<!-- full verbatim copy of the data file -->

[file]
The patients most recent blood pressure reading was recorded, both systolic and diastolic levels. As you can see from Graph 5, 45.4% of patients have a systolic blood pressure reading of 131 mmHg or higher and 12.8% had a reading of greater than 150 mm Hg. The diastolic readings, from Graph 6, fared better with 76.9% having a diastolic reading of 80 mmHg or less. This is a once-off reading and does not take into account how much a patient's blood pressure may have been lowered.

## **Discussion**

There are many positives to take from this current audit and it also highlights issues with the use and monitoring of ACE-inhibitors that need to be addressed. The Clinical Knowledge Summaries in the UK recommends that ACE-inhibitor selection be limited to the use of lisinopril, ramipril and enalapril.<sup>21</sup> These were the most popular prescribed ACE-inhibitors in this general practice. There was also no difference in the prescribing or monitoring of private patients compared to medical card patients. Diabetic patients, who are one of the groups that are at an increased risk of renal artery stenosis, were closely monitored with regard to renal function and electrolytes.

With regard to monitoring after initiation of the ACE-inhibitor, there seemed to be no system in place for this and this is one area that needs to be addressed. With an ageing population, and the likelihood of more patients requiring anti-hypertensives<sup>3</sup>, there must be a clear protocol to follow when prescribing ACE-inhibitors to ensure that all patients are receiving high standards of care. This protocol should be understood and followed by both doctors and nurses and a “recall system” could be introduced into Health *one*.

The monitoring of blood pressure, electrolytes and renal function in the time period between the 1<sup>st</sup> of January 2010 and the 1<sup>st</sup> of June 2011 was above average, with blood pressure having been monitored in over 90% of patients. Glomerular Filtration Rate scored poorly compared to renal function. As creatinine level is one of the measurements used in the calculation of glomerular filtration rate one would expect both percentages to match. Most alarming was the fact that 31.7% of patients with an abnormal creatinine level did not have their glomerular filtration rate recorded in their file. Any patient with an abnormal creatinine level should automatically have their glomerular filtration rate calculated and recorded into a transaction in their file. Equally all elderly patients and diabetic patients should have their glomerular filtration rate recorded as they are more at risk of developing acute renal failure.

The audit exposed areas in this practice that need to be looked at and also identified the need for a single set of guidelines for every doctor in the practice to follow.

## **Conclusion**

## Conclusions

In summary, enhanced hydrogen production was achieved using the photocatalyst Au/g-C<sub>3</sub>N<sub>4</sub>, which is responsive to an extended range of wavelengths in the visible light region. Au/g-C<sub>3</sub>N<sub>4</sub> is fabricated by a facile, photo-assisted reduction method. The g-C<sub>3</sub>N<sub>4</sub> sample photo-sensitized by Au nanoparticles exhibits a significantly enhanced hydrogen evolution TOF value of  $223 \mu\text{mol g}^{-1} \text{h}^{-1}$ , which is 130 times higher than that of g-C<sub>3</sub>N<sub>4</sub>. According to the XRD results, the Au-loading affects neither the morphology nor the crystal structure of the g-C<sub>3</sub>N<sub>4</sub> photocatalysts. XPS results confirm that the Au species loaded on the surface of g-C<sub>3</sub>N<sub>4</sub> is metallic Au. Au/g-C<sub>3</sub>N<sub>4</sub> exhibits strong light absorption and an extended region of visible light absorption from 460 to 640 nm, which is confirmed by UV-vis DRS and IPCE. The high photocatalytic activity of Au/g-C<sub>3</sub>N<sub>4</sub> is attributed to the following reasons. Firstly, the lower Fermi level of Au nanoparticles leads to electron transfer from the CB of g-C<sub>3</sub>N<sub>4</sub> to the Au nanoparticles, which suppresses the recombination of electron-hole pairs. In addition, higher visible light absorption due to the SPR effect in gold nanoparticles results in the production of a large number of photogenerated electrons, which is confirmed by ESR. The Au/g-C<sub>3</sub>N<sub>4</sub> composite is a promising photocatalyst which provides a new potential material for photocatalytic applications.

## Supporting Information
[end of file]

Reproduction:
The patients most recent blood pressure reading was recorded, both systolic and diastolic levels. As you can see from Graph 5, 45.4% of patients have a systolic blood pressure reading of 131 mmHg or higher and 12.8% had a reading of greater than 150 mm Hg. The diastolic readings, from Graph 6, fared better with 76.9% having a diastolic reading of 80 mmHg or less. This is a once-off reading and does not take into account how much a patient's blood pressure may have been lowered.

## **Discussion**

There are many positives to take from this current audit and it also highlights issues with the use and monitoring of ACE-inhibitors that need to be addressed. The Clinical Knowledge Summaries in the UK recommends that ACE-inhibitor selection be limited to the use of lisinopril, ramipril and enalapril.<sup>21</sup> These were the most popular prescribed ACE-inhibitors in this general practice. There was also no difference in the prescribing or monitoring of private patients compared to medical card patients. Diabetic patients, who are one of the groups that are at an increased risk of renal artery stenosis, were closely monitored with regard to renal function and electrolytes.

With regard to monitoring after initiation of the ACE-inhibitor, there seemed to be no system in place for this and this is one area that needs to be addressed. With an ageing population, and the likelihood of more patients requiring anti-hypertensives<sup>3</sup>, there must be a clear protocol to follow when prescribing ACE-inhibitors to ensure that all patients are receiving high standards of care. This protocol should be understood and followed by both doctors and nurses and a “recall system” could be introduced into Health *one*.

The monitoring of blood pressure, electrolytes and renal function in the time period between the 1<sup>st</sup> of January 2010 and the 1<sup>st</sup> of June 2011 was above average, with blood pressure having been monitored in over 90% of patients. Glomerular Filtration Rate scored poorly compared to renal function. As creatinine level is one of the measurements used in the calculation of glomerular filtration rate one would expect both percentages to match. Most alarming was the fact that 31.7% of patients with an abnormal creatinine level did not have their glomerular filtration rate recorded in their file. Any patient with an abnormal creatinine level should automatically have their glomerular filtration rate calculated and recorded into a transaction in their file. Equally all elderly patients and diabetic patients should have their glomerular filtration rate recorded as they are more at risk of developing acute renal failure.

The audit exposed areas in this practice that need to be looked at and also identified the need for a single set of guidelines for every doctor in the practice to follow.

## **Conclusion**

## Conclusions

In summary, enhanced hydrogen production was achieved using the photocatalyst Au/g-C<sub>3</sub>N<sub>4</sub>, which is responsive to an extended range of wavelengths in the visible light region. Au/g-C<sub>3</sub>N<sub>4</sub> is fabricated by a facile, photo-assisted reduction method. The g-C<sub>3</sub>N<sub>4</sub> sample photo-sensitized by Au nanoparticles exhibits a significantly enhanced hydrogen evolution TOF value of  $223 \mu\text{mol g}^{-1} \text{h}^{-1}$ , which is 130 times higher than that of g-C<sub>3</sub>N<sub>4</sub>. According to the XRD results, the Au-loading affects neither the morphology nor the crystal structure of the g-C<sub>3</sub>N<sub>4</sub> photocatalysts. XPS results confirm that the Au species loaded on the surface of g-C<sub>3</sub>N<sub>4</sub> is metallic Au. Au/g-C<sub>3</sub>N<sub>4</sub> exhibits strong light absorption and an extended region of visible light absorption from 460 to 640 nm, which is confirmed by UV-vis DRS and IPCE. The high photocatalytic activity of Au/g-C<sub>3</sub>N<sub>4</sub> is attributed to the following reasons. Firstly, the lower Fermi level of Au nanoparticles leads to electron transfer from the CB of g-C<sub>3</sub>N<sub>4</sub> to the Au nanoparticles, which suppresses the recombination of electron-hole pairs. In addition, higher visible light absorption due to the SPR effect in gold nanoparticles results in the production of a large number of photogenerated electrons, which is confirmed by ESR. The Au/g-C<sub>3</sub>N<sub>4</sub> composite is a promising photocatalyst which provides a new potential material for photocatalytic applications.

## Supporting Information